Gracilaria transtasmanica: a potential novel target species for the bioremediation of nutrient enriched estuaries
Permanent link to Research Commons versionhttps://hdl.handle.net/10289/15349
Estuaries are increasingly becoming eutrophic due to anthropogenically induced nutrient enrichment. Presently, 24% of global anthropogenically derived nutrients released into coastal catchments are delivered directly into coastal waters such as estuaries. Thirty five percent of New Zealand’s estuaries are susceptible to eutrophication and some are already severely degraded. In-situ macroalgal bioremediation – the cultivation of live macroalgae directly in nutrient-enriched waters for the primary purpose of nutrient assimilation – could help prevent and reduce estuarine eutrophication. The indigenous red macroalga Gracilaria transtasmanica has been identified as a potential target species for bioremediation in New Zealand estuaries. Samples of G. transtasmanica were collected from estuaries in the Bay of Plenty region of New Zealand, and were isolated, formally identified and scaled up into stock cultures. Controlled experiments were then used to assess the bioremediation potential of this species in winter and summer conditions under ambient and extreme nutrient and sediment levels. Biomass productivity, photosynthetic health, and N removal were assessed to quantify performance. Biomass productivity and total N removed were 45 and 50% higher respectively in summer compared to winter. Biomass productivity ranged from 0.4 – 4.3 g DW m² in summer and 0.6 – 1.8 g DW m² in winter, and total N removed ranged from 6.0 – 30.7 mg N in summer and 6.1 – 9.1 mg N in winter. In contrast, standardised N removal rates were higher in winter (37.8 mg g DW biomass growth⁻¹ ± 0.6 S.E.) compared to summer (22.3 mg g DW biomass growth⁻¹ ± 1.2 S.E.), suggesting that the biomass was storing N and therefore that N uptake was independent of productivity under sub-optimal growing conditions. Productivity was significantly affected by sediment treatment, however this effect differed seasonally, with higher productivity in the high sediment treatments in summer, and lower productivity in the high sediment treatments in winter. These results demonstrate that G. transtasmanica can assimilate nutrients under a range of environmental conditions that are representative of both local background and high levels of suspended sediment and nutrient concentrations, and therefore is a viable target species for the bioremediation of nutrient enriched estuaries.In addition to nutrient uptake and productivity, target species for in-situ estuarine bioremediation need to maintain productivity under a range of challenging abiotic conditions. In chapter three of this thesis, a series of independent experiments assessed the tolerance of G. transtasmanica to ambient and extreme levels of salinity, exposure, and light limitation that are likely to be experienced in an estuary. Photosynthetic functioning and growth were used to quantify the tolerance range of G. transtasmanica in each experiment. Specific Growth Rate (SGR) was significantly affected by salinity, exposure, and light limitation. Gracilaria transtasmanica was able to grow in salinities ranging from 5 to 35 ppt, but growth rates decreased with decreasing salinity. Exposure periods of up to 9 hours were tolerated, but growth rates were decreased as exposure period increased. Gracilaria transtasmanica was able to maintain growth with a loss of up to 75% of ambient light and was also able to tolerate short periods of no light. Measurements of optimal quantum yields showed photosynthetic function was unaffected by salinity, exposure, or light limitation. These results demonstrate the high tolerance and adaptability of G. transtasmanica to a broad range of challenging abiotic estuarine conditions. In combination, these findings demonstrate that Gracilaria transtasmanica is well suited to estuarine conditions. However, selection of habitats with optimal conditions for growth will maximise productivity. Moreover, as nutrient uptake appears to be independent of growth under challenging conditions, low productivity may not result in reduced bioremediation capability. These characteristics make G. transtasmanica an ideal species for in-situ bioremediation in New Zealand estuaries. Additionally, G. transtasmanica biomass is suitable for use in a range of bioproducts. Therefore, there is potential for a bioremediation based circular economy approach with the use of harvested G. transtasmanica biomass following bioremediation. In-situ trials are required to verifying the findings reported here and enable optimisation of both bioremediation efficiency and biomass productivity.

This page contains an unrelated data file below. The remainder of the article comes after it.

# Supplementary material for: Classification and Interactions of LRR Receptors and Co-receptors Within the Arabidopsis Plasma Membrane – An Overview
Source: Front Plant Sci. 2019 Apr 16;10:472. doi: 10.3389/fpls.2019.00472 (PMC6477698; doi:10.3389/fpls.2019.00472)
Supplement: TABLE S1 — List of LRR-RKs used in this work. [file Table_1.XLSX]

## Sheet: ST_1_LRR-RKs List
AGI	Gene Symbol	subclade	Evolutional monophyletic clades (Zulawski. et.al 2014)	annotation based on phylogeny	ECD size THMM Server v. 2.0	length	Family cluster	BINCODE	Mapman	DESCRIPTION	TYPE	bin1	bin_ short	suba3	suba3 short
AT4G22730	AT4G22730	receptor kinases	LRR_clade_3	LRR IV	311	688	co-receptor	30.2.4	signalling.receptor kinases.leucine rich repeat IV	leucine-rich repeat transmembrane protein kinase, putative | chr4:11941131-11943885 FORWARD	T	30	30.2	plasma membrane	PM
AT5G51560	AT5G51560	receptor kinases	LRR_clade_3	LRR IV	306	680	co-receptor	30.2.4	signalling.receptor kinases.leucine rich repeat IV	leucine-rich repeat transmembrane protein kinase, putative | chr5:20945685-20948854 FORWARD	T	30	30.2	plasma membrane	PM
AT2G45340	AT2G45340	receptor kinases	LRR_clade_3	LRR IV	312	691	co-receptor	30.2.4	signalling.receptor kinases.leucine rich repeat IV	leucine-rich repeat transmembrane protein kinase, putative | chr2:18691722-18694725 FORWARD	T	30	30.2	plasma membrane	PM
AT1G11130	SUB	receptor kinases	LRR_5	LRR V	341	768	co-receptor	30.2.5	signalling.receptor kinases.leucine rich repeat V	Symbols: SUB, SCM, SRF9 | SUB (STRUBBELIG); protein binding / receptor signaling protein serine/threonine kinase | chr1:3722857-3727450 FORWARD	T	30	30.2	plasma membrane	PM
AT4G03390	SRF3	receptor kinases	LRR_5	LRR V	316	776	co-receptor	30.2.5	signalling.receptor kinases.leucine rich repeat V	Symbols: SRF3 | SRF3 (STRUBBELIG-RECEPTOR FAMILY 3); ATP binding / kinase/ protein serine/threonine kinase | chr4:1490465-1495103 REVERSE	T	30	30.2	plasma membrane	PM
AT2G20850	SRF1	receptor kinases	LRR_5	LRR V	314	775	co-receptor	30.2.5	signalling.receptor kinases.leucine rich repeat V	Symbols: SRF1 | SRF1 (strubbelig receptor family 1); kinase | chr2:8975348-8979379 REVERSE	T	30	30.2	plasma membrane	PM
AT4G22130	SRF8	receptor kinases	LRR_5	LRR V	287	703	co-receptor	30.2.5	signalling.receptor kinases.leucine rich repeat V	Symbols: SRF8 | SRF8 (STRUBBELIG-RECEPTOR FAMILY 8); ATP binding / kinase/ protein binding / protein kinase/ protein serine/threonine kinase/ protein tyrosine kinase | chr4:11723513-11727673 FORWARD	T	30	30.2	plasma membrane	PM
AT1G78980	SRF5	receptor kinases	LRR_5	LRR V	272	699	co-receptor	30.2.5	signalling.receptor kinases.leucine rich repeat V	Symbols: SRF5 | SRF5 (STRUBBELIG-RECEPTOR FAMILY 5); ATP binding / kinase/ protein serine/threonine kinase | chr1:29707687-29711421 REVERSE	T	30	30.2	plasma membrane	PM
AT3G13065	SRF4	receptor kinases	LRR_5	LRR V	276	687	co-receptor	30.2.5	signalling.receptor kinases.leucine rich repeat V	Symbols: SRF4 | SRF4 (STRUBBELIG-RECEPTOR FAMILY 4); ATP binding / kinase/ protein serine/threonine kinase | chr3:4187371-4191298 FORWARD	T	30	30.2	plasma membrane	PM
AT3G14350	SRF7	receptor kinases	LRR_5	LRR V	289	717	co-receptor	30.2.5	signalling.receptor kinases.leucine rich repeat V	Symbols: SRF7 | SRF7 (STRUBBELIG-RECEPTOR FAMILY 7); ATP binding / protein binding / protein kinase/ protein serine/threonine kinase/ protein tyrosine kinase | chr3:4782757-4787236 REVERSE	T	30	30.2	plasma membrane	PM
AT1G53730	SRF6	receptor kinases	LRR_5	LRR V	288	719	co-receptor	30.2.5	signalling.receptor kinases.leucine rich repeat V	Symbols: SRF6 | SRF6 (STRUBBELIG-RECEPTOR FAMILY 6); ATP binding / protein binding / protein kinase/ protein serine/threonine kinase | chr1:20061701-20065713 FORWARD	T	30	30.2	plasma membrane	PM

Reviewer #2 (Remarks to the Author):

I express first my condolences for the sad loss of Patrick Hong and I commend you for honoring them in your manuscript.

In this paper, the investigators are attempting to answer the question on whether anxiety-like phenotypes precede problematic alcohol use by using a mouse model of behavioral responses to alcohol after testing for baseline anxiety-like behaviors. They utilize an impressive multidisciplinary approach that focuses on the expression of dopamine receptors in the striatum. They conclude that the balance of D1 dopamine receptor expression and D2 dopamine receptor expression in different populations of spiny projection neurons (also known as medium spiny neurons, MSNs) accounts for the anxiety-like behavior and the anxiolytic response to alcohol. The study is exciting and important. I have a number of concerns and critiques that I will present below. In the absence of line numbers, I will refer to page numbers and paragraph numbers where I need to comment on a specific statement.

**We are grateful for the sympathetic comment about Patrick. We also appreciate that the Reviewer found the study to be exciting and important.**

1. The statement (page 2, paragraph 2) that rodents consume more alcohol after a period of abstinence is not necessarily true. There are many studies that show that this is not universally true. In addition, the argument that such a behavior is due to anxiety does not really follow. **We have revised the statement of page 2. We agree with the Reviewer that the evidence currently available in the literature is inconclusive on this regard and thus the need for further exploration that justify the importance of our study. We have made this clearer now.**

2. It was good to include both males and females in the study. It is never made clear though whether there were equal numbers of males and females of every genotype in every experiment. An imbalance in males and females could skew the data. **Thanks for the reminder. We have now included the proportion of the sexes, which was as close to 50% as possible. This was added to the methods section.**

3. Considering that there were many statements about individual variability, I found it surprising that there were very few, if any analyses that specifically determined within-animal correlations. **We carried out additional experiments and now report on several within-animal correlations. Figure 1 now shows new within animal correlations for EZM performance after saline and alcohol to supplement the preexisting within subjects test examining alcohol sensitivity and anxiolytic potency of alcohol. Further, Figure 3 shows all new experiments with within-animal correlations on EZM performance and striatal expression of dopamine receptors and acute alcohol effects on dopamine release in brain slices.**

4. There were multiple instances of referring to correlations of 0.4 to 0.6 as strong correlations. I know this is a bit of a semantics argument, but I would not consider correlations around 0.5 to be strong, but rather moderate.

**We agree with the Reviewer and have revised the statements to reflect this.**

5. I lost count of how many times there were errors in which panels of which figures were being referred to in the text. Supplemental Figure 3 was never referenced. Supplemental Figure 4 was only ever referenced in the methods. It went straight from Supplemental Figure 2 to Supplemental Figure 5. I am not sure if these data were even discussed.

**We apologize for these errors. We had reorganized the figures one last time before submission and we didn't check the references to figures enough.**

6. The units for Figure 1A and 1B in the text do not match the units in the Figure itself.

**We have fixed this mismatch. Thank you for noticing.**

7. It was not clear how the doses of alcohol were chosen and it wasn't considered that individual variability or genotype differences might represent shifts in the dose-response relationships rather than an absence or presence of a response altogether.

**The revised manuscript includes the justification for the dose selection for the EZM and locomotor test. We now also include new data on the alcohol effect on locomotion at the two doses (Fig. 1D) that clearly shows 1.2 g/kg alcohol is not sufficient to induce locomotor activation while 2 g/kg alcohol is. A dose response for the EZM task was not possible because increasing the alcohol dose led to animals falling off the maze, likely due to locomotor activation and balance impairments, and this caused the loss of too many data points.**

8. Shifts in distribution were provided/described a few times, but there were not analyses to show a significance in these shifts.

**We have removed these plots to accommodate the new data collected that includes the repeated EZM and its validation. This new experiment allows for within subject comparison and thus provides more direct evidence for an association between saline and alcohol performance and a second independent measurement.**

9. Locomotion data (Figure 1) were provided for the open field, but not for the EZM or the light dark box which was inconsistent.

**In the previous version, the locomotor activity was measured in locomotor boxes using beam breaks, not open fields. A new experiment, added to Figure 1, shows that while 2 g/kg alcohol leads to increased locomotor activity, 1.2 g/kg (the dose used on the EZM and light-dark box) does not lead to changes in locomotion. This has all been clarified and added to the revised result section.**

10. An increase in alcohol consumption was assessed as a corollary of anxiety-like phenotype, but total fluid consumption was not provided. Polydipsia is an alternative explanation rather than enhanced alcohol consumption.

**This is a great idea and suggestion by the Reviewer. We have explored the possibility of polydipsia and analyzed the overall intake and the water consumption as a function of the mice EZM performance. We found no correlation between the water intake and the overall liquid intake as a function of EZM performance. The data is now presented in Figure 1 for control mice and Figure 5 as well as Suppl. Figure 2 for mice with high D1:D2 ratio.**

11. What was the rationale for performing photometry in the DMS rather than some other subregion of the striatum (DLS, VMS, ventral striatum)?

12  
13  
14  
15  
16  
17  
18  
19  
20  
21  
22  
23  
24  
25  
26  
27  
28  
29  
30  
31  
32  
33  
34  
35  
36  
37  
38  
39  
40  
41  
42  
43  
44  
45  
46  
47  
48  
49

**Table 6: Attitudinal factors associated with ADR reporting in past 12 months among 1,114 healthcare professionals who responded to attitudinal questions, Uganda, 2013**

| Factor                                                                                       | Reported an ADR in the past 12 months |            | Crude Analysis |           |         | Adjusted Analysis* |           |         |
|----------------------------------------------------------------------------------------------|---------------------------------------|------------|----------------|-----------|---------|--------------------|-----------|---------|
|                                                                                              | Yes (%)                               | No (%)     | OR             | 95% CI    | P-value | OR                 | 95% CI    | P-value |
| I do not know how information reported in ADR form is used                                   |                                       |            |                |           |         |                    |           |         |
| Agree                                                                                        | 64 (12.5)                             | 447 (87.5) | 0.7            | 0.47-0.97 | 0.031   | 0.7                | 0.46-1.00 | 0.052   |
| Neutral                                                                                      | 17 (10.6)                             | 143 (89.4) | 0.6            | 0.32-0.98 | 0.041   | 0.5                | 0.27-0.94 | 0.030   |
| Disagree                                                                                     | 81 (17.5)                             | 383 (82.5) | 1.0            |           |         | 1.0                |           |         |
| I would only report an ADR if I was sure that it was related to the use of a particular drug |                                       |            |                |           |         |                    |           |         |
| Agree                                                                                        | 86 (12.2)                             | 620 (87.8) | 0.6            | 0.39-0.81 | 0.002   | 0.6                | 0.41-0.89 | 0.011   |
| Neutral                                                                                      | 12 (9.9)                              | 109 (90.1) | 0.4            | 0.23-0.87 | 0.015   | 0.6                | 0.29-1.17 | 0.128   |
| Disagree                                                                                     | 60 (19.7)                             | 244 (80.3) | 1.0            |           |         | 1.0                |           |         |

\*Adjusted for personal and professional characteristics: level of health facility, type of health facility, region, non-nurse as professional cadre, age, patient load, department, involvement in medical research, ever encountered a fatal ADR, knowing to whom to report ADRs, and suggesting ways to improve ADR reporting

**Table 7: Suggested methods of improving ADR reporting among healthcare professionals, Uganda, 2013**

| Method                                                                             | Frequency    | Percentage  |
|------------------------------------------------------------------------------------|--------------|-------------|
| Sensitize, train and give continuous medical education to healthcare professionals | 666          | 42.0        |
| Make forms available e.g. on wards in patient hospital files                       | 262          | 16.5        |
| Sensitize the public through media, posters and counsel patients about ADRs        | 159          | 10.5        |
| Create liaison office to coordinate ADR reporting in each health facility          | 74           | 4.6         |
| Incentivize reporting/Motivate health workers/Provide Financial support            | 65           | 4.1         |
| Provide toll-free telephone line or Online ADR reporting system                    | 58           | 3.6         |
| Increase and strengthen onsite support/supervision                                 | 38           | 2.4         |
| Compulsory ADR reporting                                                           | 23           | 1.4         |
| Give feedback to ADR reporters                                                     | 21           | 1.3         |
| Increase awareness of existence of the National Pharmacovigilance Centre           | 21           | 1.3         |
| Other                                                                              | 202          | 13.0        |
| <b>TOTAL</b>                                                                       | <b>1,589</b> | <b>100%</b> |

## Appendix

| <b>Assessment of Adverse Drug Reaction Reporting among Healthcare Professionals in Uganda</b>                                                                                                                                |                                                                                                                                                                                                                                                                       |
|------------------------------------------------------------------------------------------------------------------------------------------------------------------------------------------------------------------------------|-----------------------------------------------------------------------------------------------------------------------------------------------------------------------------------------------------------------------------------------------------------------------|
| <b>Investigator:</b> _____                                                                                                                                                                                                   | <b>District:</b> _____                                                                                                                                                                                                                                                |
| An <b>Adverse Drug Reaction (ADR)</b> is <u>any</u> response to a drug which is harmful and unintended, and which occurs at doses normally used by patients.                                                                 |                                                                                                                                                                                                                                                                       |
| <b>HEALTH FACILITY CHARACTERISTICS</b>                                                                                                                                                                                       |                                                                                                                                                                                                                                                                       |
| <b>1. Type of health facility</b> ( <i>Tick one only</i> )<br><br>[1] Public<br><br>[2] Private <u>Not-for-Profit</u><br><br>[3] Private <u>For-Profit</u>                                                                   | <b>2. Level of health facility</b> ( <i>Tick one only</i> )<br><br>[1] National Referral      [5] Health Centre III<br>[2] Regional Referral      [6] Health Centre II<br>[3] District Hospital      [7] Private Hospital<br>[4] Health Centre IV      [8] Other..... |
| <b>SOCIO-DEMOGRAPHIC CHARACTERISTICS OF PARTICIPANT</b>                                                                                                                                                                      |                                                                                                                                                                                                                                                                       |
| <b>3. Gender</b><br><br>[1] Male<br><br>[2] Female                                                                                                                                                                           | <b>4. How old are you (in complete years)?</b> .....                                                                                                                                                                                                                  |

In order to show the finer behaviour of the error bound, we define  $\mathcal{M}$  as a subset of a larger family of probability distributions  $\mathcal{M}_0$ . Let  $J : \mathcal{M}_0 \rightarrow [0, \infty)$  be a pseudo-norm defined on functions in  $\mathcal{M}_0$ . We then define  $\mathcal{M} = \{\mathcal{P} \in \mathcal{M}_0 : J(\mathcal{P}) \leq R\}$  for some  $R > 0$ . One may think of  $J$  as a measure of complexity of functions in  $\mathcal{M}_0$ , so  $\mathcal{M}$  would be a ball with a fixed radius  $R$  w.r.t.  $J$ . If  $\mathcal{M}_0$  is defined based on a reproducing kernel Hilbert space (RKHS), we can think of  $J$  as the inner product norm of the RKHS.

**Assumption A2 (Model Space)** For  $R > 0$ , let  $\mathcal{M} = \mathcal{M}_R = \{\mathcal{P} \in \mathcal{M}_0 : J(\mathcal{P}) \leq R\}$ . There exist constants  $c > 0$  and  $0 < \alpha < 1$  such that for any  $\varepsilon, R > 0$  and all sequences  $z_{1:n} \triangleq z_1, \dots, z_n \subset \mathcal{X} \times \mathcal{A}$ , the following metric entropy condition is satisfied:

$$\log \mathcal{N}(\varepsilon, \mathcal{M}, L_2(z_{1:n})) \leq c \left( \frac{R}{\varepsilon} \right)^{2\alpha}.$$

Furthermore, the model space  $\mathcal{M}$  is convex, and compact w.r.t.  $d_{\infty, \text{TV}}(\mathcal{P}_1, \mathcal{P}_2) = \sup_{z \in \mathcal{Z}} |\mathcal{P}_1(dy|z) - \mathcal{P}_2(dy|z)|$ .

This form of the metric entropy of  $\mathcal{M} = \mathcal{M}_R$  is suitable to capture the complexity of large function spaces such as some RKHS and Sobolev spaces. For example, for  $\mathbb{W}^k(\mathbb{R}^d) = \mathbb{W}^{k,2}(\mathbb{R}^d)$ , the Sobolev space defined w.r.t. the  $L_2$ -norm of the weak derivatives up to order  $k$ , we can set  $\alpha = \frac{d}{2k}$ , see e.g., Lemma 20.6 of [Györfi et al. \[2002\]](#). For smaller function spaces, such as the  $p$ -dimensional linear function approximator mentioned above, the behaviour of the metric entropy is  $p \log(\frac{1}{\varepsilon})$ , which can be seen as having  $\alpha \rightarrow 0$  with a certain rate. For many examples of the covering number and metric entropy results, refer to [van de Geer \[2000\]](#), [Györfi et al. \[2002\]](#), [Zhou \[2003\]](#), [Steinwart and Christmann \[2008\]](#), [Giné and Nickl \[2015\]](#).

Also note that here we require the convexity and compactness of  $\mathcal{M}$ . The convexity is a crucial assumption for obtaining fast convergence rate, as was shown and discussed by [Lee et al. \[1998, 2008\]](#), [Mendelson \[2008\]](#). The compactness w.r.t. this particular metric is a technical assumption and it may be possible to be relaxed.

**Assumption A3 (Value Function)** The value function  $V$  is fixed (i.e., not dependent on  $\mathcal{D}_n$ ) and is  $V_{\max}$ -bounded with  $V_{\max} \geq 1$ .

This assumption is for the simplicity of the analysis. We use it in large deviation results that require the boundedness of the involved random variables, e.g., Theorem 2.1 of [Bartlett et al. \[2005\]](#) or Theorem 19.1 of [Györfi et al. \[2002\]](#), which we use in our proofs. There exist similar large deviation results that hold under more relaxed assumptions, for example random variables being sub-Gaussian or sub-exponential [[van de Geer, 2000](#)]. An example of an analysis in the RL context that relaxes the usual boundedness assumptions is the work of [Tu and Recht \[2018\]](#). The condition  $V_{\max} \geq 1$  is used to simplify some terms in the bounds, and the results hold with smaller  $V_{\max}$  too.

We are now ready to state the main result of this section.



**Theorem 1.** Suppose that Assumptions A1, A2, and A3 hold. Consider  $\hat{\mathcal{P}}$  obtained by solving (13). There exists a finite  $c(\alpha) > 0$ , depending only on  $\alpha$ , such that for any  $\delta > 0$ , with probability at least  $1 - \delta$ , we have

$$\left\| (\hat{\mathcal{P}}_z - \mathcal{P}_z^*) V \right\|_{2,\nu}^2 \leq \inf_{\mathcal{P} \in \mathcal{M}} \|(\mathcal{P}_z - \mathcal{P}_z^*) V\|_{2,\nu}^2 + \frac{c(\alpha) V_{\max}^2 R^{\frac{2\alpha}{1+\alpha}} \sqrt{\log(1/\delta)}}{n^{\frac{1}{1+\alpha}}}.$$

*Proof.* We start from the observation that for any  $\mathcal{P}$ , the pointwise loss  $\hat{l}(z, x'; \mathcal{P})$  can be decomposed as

The University of Waikato
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- Masters Degree Theses